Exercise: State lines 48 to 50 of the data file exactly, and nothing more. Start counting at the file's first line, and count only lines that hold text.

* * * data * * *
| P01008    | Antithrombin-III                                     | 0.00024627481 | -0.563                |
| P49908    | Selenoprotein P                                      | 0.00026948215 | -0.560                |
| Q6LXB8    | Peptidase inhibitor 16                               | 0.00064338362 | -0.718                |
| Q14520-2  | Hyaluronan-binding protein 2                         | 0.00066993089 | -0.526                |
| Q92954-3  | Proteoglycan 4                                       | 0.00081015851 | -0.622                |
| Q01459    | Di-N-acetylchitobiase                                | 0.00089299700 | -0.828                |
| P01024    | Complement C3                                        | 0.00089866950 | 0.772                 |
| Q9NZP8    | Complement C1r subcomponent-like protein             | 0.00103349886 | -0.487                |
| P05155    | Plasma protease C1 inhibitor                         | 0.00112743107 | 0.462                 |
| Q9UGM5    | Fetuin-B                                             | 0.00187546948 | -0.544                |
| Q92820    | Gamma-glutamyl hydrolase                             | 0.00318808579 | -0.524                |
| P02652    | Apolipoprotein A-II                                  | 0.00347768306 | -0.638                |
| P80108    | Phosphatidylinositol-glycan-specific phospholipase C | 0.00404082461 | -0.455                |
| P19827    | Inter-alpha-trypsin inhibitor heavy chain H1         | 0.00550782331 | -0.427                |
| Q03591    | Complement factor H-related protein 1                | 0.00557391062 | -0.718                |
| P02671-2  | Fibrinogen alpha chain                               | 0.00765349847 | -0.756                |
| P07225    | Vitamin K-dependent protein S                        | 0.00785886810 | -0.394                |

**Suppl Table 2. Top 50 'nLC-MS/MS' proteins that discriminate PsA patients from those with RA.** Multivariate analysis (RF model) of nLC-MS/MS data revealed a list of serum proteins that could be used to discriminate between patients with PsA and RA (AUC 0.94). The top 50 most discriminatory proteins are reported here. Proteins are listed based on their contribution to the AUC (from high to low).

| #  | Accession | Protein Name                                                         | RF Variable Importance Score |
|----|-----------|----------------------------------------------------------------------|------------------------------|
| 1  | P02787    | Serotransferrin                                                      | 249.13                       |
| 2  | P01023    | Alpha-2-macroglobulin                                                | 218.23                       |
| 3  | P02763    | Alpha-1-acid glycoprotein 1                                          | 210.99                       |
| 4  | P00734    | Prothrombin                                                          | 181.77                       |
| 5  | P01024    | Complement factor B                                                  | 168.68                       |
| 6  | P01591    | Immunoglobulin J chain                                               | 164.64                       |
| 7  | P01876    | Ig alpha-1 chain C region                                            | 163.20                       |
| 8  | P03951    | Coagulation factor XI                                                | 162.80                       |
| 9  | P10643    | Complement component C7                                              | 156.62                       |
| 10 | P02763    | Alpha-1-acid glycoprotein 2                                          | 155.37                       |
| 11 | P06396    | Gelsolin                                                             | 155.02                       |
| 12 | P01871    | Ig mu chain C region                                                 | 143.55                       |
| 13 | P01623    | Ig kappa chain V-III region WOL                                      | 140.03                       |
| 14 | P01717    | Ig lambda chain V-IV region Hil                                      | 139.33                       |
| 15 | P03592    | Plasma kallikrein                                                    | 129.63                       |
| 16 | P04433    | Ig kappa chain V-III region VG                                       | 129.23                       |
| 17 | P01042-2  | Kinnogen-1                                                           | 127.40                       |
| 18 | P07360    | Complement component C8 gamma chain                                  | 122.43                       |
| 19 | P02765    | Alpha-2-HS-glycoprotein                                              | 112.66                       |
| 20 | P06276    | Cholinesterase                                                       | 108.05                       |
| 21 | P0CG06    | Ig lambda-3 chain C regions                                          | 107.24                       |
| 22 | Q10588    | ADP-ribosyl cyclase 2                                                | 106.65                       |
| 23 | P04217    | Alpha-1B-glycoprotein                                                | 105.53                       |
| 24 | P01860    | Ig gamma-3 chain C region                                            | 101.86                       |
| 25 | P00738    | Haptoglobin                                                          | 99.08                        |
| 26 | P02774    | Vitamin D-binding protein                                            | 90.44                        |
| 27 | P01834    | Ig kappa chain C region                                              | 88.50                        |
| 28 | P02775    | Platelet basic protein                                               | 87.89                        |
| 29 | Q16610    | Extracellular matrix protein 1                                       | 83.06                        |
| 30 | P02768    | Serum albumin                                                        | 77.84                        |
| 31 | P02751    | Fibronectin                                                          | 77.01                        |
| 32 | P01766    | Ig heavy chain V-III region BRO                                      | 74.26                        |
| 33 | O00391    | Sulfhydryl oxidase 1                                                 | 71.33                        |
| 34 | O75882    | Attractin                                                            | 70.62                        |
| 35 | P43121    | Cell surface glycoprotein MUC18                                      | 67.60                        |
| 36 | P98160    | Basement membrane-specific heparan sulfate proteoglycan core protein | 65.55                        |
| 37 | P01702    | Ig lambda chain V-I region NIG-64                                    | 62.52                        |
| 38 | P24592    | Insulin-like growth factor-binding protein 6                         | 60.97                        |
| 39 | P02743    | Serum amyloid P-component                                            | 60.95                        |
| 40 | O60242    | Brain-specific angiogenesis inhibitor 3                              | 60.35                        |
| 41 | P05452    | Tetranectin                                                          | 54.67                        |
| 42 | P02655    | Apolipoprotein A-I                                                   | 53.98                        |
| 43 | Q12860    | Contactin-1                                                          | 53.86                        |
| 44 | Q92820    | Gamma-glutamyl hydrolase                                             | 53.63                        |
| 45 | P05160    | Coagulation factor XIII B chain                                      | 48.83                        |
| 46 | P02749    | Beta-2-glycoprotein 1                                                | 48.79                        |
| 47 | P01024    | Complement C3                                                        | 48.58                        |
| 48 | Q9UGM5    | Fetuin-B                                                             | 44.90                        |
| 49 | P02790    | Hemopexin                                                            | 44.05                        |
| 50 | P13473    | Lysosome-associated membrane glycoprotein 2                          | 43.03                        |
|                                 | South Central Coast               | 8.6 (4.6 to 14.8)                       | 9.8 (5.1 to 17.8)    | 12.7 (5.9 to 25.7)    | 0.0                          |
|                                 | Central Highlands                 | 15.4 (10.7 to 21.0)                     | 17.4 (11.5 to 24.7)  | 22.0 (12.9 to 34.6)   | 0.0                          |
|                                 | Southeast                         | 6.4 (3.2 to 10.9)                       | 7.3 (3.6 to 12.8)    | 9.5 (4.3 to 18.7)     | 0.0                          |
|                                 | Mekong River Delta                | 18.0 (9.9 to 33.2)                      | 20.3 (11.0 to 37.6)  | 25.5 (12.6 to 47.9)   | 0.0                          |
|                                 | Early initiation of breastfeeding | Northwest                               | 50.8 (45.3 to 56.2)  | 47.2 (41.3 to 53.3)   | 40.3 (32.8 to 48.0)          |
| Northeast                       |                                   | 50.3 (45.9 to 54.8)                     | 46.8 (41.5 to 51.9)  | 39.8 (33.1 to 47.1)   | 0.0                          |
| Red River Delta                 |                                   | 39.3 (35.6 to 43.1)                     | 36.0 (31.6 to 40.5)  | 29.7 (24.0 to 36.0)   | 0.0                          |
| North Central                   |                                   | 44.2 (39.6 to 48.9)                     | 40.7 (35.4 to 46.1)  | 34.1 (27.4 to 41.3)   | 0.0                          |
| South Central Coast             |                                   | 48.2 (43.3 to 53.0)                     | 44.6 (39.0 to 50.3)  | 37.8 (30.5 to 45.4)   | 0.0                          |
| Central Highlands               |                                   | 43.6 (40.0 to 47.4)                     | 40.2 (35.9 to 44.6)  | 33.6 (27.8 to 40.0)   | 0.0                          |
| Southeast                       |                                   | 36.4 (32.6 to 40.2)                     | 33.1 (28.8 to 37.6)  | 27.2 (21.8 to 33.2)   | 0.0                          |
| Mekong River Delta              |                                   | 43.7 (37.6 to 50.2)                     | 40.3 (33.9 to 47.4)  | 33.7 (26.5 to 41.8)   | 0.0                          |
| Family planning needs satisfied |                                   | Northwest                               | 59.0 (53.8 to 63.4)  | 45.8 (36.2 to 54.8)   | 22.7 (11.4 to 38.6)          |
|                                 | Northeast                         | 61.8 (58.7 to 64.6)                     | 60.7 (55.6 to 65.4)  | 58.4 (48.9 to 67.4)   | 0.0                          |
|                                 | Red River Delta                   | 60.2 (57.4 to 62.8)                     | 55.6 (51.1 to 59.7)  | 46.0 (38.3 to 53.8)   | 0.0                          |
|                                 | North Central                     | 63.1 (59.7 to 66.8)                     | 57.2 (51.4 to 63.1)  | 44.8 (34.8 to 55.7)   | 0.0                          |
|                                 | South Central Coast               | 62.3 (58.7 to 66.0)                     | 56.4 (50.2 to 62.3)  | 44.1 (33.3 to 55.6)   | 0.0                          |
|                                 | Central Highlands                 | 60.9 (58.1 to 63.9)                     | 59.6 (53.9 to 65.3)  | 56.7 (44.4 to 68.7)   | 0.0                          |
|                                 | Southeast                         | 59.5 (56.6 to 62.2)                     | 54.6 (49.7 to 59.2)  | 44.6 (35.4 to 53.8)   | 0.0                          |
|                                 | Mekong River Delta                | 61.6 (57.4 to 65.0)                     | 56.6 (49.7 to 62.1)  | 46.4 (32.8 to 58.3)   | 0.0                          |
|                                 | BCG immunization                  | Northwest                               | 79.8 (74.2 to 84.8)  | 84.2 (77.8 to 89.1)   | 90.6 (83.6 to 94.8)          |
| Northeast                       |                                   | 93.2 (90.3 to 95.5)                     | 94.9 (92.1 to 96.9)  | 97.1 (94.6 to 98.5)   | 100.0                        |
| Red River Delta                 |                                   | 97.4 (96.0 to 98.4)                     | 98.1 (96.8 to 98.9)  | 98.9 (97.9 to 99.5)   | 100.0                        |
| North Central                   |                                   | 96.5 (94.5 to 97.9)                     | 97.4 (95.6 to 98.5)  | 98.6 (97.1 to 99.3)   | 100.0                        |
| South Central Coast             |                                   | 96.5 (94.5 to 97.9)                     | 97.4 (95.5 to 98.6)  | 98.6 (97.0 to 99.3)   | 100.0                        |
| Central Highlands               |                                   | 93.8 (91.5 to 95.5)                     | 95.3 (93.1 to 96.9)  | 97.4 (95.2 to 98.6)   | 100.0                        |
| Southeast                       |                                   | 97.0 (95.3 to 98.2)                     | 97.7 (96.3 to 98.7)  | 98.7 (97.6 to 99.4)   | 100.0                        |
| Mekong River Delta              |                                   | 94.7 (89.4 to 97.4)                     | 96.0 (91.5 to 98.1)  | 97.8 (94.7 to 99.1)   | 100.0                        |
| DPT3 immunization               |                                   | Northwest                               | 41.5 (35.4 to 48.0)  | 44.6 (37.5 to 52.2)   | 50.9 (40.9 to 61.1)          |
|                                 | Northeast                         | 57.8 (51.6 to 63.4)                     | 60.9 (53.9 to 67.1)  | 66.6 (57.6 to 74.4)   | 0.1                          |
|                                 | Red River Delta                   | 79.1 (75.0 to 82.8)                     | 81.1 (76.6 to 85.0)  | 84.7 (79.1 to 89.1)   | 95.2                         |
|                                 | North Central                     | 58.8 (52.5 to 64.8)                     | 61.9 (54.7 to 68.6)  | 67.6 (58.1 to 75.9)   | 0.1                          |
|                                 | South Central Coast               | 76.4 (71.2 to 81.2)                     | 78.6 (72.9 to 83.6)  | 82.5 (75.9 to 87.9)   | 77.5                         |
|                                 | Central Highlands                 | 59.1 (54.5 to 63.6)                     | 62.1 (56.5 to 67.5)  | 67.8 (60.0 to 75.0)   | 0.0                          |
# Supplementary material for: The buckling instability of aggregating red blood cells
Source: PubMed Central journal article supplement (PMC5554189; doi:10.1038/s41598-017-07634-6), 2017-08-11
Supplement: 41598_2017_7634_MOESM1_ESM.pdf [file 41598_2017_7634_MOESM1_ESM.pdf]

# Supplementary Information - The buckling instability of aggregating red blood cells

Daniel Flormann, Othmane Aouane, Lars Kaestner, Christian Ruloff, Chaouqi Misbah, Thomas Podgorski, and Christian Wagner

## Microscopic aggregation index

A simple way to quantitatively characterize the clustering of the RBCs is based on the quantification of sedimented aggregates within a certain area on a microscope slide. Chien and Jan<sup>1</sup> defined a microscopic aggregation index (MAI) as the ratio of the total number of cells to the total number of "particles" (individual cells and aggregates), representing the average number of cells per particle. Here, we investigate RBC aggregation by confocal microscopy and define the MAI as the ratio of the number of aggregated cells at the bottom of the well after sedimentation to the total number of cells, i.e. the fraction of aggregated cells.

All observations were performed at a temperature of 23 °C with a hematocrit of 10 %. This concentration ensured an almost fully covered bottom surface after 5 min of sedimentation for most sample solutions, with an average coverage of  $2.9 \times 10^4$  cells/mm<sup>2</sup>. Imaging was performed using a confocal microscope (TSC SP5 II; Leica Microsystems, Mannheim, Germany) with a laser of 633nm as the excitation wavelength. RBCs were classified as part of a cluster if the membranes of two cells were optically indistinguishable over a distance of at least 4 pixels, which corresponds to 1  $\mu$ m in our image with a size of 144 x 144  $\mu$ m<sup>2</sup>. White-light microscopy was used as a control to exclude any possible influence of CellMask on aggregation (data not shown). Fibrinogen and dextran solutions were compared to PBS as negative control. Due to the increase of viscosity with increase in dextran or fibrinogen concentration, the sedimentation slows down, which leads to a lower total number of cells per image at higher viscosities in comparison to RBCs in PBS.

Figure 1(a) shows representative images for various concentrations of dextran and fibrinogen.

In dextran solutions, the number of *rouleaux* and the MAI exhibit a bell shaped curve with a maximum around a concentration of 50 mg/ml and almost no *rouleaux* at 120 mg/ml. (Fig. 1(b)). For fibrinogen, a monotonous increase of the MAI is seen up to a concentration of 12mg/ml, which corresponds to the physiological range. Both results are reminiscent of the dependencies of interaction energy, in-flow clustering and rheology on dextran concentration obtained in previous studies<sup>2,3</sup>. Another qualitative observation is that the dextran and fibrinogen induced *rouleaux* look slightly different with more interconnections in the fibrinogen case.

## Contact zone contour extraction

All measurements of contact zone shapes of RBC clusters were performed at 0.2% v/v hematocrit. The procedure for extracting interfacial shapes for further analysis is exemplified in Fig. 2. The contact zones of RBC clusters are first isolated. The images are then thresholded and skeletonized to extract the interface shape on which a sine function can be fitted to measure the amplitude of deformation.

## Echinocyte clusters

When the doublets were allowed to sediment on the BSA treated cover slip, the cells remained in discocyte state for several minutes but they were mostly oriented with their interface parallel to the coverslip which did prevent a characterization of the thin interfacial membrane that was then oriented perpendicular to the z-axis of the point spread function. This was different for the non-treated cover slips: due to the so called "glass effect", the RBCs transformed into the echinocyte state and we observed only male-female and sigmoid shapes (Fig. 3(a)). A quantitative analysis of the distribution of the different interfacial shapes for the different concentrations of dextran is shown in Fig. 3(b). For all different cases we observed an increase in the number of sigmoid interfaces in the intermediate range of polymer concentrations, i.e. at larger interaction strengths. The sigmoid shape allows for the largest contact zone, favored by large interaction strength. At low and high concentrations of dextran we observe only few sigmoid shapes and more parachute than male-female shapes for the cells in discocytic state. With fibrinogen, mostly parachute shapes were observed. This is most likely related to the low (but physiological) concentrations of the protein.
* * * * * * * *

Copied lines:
| 28 | P02775    | Platelet basic protein                                               | 87.89                        |
| 29 | Q16610    | Extracellular matrix protein 1                                       | 83.06                        |
| 30 | P02768    | Serum albumin                                                        | 77.84                        |